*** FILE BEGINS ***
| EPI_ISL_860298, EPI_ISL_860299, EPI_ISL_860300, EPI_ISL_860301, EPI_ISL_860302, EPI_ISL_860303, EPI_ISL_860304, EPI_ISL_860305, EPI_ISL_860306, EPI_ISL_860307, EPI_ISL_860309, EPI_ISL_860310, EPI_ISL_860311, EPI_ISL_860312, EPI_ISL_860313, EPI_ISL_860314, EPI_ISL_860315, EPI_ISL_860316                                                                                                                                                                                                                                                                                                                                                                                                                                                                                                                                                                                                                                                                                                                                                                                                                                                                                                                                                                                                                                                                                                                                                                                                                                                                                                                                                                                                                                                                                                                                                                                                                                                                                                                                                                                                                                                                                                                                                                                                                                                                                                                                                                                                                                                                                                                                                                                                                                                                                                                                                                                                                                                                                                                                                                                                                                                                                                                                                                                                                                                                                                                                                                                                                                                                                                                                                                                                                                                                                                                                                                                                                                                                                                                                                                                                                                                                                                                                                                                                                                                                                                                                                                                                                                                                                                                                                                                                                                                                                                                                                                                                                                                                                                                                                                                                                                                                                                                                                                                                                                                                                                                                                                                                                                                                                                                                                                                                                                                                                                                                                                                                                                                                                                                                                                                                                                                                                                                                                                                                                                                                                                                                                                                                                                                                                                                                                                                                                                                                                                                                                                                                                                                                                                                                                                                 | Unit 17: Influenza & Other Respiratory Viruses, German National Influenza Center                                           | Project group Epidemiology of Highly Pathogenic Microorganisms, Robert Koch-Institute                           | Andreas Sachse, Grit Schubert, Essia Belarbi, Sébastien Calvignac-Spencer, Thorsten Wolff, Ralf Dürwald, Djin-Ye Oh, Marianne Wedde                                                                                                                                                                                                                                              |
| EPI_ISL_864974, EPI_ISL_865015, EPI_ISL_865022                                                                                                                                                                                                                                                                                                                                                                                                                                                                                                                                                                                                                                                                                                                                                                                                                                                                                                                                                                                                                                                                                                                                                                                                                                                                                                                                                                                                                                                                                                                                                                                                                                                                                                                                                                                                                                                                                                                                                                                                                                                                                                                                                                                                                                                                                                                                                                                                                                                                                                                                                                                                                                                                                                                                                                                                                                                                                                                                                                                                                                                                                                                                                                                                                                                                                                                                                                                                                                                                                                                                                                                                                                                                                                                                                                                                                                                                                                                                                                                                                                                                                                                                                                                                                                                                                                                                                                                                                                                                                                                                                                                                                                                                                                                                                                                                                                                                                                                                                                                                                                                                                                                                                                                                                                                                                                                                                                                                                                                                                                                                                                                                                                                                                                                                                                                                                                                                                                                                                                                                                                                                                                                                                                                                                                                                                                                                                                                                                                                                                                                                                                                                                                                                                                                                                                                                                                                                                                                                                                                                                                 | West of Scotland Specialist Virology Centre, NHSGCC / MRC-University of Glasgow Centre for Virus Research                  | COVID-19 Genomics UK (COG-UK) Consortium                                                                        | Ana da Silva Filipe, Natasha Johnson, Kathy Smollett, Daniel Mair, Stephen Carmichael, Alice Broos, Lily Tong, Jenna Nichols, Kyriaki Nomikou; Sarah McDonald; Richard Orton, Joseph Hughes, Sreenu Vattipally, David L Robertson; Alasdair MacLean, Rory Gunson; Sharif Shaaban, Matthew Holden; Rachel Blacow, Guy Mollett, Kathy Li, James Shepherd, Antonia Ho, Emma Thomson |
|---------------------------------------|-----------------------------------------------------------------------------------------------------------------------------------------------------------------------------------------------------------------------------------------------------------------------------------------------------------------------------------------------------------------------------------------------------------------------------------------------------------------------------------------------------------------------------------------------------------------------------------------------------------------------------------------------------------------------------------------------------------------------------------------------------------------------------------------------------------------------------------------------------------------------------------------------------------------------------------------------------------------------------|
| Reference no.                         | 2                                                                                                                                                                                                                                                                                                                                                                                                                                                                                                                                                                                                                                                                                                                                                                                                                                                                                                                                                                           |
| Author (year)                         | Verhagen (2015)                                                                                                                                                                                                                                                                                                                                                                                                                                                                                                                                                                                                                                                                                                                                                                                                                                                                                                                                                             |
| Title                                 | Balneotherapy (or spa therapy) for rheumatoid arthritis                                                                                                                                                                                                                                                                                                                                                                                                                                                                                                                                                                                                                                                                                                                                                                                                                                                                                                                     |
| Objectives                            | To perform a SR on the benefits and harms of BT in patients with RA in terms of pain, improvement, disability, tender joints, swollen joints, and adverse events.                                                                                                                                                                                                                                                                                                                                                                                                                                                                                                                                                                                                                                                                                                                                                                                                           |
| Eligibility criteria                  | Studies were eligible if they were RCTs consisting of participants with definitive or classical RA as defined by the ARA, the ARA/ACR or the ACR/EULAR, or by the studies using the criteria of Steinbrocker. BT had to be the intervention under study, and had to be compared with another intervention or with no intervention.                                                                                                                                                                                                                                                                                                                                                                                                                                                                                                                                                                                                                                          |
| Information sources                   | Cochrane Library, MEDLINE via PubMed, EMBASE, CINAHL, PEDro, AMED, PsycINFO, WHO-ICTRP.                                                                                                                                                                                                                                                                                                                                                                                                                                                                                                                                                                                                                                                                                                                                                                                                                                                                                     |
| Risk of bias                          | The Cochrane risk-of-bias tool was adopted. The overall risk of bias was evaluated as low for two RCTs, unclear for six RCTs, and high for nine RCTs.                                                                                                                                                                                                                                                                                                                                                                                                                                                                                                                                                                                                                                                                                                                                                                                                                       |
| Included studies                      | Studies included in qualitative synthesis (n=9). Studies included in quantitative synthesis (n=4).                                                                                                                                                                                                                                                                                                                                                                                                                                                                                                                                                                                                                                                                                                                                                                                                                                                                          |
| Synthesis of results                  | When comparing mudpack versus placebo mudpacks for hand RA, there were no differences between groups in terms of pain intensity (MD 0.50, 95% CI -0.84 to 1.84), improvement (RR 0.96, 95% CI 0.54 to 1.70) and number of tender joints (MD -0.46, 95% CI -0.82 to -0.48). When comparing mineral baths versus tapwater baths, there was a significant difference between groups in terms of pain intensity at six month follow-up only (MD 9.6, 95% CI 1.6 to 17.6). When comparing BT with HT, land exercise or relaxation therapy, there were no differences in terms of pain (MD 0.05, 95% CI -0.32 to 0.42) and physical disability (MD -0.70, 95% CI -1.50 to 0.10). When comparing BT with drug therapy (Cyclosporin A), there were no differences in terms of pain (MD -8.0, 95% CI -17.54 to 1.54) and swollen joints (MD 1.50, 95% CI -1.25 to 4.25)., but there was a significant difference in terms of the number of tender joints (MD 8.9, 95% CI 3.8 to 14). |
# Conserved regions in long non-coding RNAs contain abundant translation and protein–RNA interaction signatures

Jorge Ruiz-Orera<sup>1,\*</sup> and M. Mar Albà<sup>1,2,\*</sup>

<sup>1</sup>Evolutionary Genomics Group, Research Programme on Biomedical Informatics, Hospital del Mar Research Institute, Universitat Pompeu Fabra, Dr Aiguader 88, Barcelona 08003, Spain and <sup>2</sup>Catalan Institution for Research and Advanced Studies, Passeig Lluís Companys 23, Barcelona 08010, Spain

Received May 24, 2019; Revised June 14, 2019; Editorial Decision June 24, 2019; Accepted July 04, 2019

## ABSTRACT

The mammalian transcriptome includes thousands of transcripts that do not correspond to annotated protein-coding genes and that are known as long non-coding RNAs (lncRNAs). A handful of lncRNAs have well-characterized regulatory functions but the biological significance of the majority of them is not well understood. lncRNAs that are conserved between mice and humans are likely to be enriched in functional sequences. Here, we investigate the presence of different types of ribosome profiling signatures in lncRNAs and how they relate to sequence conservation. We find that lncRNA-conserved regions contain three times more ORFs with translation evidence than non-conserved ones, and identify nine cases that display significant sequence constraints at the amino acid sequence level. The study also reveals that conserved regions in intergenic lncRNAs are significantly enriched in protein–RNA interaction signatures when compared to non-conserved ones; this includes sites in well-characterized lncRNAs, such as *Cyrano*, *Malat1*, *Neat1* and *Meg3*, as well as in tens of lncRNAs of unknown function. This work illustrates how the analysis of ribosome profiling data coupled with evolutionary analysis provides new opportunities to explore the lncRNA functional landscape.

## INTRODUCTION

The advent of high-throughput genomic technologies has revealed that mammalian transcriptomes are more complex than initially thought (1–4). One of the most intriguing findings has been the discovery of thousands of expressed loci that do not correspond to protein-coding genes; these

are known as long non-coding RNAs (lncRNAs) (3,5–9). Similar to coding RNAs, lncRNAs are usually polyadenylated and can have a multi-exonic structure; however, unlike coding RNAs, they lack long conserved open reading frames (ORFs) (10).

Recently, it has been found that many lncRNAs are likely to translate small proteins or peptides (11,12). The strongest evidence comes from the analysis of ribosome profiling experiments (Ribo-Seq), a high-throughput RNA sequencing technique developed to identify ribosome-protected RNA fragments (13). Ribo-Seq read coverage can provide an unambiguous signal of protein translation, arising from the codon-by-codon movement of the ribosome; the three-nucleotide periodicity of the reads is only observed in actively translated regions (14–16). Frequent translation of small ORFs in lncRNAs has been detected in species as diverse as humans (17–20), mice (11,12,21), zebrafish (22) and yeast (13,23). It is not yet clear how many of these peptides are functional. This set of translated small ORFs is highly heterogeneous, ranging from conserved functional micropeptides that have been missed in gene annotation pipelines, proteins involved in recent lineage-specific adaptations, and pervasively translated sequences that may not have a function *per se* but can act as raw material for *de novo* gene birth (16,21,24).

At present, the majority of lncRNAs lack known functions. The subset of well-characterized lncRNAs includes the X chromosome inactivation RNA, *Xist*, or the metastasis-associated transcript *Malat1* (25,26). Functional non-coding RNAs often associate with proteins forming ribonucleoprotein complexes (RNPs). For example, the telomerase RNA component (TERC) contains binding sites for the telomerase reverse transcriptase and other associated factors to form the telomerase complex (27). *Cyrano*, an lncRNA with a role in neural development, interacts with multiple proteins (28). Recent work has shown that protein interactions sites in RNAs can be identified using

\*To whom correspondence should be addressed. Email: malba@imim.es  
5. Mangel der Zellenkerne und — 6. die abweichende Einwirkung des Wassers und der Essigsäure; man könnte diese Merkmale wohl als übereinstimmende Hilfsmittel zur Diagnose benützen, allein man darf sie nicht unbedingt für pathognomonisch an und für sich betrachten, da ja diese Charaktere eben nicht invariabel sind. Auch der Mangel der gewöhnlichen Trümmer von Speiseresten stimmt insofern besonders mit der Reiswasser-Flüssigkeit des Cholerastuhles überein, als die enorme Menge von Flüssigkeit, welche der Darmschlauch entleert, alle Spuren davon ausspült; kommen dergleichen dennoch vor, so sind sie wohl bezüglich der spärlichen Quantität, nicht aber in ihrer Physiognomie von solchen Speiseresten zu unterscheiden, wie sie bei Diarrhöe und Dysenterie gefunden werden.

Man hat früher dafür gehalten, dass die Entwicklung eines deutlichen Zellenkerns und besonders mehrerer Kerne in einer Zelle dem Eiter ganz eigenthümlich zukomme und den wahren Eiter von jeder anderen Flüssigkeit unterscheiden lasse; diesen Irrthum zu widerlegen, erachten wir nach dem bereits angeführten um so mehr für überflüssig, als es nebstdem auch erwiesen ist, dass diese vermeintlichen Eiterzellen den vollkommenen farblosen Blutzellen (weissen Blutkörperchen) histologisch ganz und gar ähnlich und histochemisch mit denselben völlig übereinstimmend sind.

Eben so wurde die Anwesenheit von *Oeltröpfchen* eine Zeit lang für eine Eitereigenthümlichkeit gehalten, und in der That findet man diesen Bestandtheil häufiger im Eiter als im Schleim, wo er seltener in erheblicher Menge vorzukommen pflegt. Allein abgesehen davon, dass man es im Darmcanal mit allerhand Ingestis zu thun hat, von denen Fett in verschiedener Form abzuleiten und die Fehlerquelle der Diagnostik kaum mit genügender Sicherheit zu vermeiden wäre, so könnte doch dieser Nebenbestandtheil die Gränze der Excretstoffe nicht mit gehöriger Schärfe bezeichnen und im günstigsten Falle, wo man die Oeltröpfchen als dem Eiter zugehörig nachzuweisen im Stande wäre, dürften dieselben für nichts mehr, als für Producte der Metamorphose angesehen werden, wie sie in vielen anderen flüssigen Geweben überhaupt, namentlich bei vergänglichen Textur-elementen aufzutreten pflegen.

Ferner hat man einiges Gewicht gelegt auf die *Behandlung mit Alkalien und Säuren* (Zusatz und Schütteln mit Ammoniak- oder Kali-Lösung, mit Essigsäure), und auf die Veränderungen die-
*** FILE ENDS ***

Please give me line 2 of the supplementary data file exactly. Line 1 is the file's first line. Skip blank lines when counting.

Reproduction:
| EPI_ISL_864974, EPI_ISL_865015, EPI_ISL_865022                                                                                                                                                                                                                                                                                                                                                                                                                                                                                                                                                                                                                                                                                                                                                                                                                                                                                                                                                                                                                                                                                                                                                                                                                                                                                                                                                                                                                                                                                                                                                                                                                                                                                                                                                                                                                                                                                                                                                                                                                                                                                                                                                                                                                                                                                                                                                                                                                                                                                                                                                                                                                                                                                                                                                                                                                                                                                                                                                                                                                                                                                                                                                                                                                                                                                                                                                                                                                                                                                                                                                                                                                                                                                                                                                                                                                                                                                                                                                                                                                                                                                                                                                                                                                                                                                                                                                                                                                                                                                                                                                                                                                                                                                                                                                                                                                                                                                                                                                                                                                                                                                                                                                                                                                                                                                                                                                                                                                                                                                                                                                                                                                                                                                                                                                                                                                                                                                                                                                                                                                                                                                                                                                                                                                                                                                                                                                                                                                                                                                                                                                                                                                                                                                                                                                                                                                                                                                                                                                                                                                                 | West of Scotland Specialist Virology Centre, NHSGCC / MRC-University of Glasgow Centre for Virus Research                  | COVID-19 Genomics UK (COG-UK) Consortium                                                                        | Ana da Silva Filipe, Natasha Johnson, Kathy Smollett, Daniel Mair, Stephen Carmichael, Alice Broos, Lily Tong, Jenna Nichols, Kyriaki Nomikou; Sarah McDonald; Richard Orton, Joseph Hughes, Sreenu Vattipally, David L Robertson; Alasdair MacLean, Rory Gunson; Sharif Shaaban, Matthew Holden; Rachel Blacow, Guy Mollett, Kathy Li, James Shepherd, Antonia Ho, Emma Thomson |